As the lights dimmed in Watters Theater and the last few stragglers found their seats, audience members prepared to be wowed by a true child prodigy. The show began with a slideshow, featuring photos of The Jonas Brothers, Katy Perry, Oprah Winfrey and Billy Joel all posing with one young man, famed musician Ethan Bortnick, aged 13.
Regardless of the generational difference between Bortnick and the audience, mostly composed of local Binghamton adults, this was not a stiff piano recital. Bortnick showcased his many talents with an entertaining, lively performance.
Accompanied by a four-piece band, a 50-piece orchestra and, toward the end, a 120-member high school choir, the sound was full and vibrant. In classics like “What a Wonderful World,” “Mambo Italiano” and “New York State of Mind,” Bortnick reached beautiful high notes. Sitting in the audience, one felt his genuine desire for everyone to have a good time.
Bortnick thanked WSKG and WVIA radio for coming to support and help fund the concert. WSKG also aired his special, “Anything is Possible,” in 2013. Much of the performance was Bortnick using music to inspire others. “Music has the power to change people’s lives,” he said. Bortnick has already raised over 30 million dollars for charities. Shirts, hats, CDs and DVDs were sold in the lobby; the proceeds went to children’s music education in San Diego.
Bortnick’s talent could not be denied or fought, despite some initial roadblocks. “When I asked my parents for lessons they [originally] said no,” said Bortnick. When they saw his potential and natural gift, they soon got him a teacher.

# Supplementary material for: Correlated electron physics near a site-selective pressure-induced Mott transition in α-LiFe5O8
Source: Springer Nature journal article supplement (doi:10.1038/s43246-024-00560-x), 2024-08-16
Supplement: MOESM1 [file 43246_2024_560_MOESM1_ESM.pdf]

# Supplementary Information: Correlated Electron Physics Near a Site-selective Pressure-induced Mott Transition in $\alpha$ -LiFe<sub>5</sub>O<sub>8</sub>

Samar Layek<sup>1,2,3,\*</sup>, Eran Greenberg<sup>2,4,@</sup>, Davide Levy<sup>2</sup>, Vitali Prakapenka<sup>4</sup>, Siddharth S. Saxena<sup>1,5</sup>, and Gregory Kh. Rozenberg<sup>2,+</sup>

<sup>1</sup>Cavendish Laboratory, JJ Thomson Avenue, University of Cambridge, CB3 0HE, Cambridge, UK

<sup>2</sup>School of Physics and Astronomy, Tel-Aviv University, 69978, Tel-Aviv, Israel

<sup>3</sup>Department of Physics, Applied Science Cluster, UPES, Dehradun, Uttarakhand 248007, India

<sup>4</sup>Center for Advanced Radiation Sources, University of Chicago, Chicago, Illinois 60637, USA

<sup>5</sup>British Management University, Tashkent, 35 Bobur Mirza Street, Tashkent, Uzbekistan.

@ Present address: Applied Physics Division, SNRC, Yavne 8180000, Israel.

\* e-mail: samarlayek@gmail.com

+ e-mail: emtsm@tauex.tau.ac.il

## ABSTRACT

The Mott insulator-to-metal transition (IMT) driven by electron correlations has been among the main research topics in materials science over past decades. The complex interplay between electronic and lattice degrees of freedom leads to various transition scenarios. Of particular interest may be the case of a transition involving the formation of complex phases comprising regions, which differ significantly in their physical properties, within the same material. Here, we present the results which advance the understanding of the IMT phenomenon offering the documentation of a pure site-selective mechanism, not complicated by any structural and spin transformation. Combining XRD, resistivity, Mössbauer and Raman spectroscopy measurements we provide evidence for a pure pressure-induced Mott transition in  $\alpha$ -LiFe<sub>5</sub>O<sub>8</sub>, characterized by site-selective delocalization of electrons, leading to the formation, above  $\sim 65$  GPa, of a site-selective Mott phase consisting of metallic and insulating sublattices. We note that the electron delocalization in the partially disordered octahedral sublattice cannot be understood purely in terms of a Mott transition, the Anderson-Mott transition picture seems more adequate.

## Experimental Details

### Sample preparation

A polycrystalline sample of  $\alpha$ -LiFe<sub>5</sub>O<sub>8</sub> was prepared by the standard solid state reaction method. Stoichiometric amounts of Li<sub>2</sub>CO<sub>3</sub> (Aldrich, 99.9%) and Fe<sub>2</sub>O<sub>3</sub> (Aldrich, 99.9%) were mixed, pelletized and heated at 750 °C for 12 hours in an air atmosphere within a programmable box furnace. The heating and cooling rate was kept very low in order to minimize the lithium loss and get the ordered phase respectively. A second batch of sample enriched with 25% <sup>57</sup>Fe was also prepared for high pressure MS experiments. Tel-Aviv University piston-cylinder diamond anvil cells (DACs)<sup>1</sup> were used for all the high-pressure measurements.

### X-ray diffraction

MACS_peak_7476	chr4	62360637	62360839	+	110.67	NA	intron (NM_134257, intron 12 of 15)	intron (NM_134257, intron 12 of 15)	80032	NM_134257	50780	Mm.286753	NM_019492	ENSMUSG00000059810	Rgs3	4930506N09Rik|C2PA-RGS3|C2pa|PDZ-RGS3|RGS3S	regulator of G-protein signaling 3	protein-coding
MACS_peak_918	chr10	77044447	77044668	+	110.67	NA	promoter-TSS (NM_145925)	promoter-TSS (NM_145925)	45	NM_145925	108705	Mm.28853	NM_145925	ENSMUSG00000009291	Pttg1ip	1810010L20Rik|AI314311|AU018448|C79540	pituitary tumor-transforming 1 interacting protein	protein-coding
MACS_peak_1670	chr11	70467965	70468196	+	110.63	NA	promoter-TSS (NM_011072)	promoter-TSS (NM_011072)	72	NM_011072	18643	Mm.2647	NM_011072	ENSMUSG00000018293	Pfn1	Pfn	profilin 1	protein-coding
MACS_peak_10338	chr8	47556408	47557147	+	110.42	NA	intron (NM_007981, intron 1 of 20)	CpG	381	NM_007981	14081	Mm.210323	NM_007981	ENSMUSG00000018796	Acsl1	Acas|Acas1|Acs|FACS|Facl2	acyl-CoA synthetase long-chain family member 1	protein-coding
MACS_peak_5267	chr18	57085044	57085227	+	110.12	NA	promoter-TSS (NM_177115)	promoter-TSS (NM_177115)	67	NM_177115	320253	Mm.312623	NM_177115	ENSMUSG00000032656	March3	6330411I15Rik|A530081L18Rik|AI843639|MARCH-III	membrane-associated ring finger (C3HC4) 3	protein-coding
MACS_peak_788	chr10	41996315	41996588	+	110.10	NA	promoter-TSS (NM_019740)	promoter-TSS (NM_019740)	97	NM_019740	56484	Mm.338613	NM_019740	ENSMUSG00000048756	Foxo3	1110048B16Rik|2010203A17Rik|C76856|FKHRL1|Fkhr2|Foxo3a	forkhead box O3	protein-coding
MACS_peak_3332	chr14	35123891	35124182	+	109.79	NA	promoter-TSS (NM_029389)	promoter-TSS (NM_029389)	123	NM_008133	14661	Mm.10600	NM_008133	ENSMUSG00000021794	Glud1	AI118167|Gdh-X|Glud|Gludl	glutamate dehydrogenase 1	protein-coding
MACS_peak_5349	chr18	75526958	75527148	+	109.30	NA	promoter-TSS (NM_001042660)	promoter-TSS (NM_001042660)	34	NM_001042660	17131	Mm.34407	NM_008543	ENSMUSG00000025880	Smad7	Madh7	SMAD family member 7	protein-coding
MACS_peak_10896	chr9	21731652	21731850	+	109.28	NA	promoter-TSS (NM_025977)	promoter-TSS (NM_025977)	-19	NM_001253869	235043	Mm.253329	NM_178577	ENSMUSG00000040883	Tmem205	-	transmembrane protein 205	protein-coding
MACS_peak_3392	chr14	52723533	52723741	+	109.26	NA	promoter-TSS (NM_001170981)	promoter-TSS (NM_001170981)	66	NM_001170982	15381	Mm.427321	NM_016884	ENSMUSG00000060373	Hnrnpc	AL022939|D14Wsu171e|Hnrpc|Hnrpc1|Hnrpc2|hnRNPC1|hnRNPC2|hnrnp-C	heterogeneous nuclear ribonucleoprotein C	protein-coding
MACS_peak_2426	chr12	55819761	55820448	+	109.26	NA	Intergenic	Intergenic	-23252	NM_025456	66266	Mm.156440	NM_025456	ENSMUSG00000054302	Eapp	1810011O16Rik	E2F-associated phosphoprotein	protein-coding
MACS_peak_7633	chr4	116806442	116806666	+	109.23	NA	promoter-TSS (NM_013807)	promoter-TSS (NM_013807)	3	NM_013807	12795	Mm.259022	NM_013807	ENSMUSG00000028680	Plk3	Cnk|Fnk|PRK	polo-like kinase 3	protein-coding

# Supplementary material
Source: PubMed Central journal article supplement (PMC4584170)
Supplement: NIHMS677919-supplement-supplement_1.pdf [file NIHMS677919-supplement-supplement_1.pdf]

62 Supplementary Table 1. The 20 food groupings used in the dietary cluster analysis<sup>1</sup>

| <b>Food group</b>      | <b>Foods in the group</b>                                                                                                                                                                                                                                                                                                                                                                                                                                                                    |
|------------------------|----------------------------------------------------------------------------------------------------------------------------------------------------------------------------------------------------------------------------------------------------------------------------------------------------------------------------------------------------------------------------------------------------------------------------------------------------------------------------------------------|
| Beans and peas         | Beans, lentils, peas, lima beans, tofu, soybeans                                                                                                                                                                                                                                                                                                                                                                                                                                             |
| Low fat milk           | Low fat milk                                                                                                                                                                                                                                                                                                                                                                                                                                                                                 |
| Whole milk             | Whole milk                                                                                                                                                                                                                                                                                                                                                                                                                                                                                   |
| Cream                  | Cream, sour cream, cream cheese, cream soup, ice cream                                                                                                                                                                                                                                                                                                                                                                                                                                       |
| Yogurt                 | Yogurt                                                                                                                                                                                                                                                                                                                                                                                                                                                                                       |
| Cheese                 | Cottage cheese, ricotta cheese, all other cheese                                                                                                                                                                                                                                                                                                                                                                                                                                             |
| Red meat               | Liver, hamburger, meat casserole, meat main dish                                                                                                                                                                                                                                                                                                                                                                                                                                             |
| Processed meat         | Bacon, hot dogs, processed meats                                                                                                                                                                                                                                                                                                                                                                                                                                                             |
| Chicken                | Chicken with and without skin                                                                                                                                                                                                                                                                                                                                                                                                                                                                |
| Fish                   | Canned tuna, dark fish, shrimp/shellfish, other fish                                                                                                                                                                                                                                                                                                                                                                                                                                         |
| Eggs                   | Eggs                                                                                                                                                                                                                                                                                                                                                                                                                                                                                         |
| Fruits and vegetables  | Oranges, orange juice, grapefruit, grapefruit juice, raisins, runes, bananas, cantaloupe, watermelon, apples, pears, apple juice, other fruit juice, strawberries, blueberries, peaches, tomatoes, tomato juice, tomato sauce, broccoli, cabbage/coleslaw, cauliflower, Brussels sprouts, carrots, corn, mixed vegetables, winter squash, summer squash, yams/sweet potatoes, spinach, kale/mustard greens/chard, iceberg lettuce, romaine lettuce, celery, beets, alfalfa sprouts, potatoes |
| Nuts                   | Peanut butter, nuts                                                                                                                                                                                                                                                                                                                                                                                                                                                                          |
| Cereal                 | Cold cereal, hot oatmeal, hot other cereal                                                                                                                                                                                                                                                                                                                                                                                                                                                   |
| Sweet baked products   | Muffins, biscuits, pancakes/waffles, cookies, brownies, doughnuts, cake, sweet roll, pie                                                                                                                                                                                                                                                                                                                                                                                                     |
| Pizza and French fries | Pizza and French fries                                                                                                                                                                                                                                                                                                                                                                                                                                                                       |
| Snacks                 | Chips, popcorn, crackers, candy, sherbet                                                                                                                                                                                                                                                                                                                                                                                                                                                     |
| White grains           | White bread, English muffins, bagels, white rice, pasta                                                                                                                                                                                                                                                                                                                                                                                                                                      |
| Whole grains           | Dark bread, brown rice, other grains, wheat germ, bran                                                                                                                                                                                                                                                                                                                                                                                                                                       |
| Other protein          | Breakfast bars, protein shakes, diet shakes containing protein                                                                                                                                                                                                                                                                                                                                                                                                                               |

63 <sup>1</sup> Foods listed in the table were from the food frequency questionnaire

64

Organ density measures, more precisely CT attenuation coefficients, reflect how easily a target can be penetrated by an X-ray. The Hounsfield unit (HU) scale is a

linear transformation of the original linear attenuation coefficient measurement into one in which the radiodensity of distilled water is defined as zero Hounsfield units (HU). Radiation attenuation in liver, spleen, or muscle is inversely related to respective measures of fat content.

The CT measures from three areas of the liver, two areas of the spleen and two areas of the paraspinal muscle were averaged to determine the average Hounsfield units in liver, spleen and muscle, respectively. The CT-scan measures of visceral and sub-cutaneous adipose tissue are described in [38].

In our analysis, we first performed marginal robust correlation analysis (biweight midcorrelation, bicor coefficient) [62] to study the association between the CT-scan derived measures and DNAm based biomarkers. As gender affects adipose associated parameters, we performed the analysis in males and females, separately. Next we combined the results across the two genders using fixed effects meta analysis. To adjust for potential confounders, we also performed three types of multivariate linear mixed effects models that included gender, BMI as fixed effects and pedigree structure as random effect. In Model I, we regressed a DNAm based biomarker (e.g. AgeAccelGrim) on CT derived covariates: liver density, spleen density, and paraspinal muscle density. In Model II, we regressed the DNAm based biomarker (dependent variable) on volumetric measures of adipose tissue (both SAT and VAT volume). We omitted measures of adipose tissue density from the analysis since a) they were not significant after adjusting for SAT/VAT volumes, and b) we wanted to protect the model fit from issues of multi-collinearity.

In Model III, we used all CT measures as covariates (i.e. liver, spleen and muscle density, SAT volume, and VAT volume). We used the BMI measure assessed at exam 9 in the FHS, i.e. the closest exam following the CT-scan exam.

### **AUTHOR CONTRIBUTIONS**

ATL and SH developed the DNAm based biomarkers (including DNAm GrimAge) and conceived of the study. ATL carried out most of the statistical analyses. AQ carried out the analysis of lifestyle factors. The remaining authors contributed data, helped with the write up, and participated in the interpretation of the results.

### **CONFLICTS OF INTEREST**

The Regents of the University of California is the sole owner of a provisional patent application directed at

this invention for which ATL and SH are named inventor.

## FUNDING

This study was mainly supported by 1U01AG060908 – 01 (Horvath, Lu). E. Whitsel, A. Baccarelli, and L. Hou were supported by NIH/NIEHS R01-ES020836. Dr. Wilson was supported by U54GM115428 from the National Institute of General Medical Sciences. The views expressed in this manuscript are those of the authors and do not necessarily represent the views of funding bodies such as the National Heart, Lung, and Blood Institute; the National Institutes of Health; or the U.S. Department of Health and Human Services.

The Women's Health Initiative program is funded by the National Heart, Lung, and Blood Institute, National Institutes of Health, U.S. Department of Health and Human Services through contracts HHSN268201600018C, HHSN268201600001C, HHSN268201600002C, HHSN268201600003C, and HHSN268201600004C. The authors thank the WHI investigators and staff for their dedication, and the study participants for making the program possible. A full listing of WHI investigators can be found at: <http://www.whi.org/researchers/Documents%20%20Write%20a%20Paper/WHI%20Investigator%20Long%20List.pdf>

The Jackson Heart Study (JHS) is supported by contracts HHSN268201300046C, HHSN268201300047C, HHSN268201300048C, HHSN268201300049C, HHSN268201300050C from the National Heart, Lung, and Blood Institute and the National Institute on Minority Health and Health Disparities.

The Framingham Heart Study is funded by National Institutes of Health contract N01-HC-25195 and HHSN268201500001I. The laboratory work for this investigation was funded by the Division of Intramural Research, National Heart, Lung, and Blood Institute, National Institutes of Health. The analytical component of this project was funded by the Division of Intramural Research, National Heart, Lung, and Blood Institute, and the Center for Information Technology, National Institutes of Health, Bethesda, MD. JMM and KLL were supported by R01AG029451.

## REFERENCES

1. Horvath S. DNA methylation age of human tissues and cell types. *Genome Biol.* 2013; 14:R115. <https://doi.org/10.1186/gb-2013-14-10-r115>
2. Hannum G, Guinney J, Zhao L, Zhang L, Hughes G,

Taking a personal turn, Bortnick moved us with the chilling story of his 8-year-old brother’s three heart surgeries at birth and the song he wrote as a result for “all those in life having a hard time.” One can lose sight of how young Bortnick is due to his high aptitude and the way he captures the audience.
An interview which Bortnick introduced as one with a “friend” displayed a young Bortnick with Celine Dion. She too noted her amazement at the way he carries himself, having been even younger in the video. Dion and Bortnick led us into an uplifting song about having faith with the idea that “obstacles are an opportunity for growth.” A beautiful moment ensued when his brother waved from the sound booth. The audience sang to his mother (also there) for her birthday, emphasizing how much of a family show and production this really was. “Binghamton is a great place to celebrate your birthday,” said Bortnick, always a crowd-pleaser.
Girls swooned when the guest star on tour entered the stage. Damian McGinty, 22, was a member of Irish musical group “Celtic Thunder” from as young as 14 and toured from ages 15-18. Following this, he was on the reality show “The Glee Project” and went on to win and play Rory Flanagan on the third season of “Glee.” (Recognizing him from the reality show, I was impressed myself.)
McGinty shared that, on the road, you “learn a lot and see even more.” He said he’s been on the road so long, which is “why I look 18 and feel 40.”
The brotherly relationship between the two brought a lot of laughs. Following intermission, there was a question-and-answer session in which Bortnick credited McGinty with the wisdom “that you should not shave at a very young age. He’s going to kill me for saying that … he grows a beard every 24 hours.”
The show was full of audience participation, including splitting up the crowd for singing parts in Elton John’s “Crocodile Rock.”
Bortnick also showcased his ear and gift of composition with a unique activity. After asking for audience volunteers, he created an intricate piece that clearly stemmed from a volunteer’s ringtone.
The ringtone composition was evocative of the idea that Bortnick truly sees music in everything, from birds to “[his] dad making popcorn.” It’s these things that make him not just a young musician, but a virtuoso.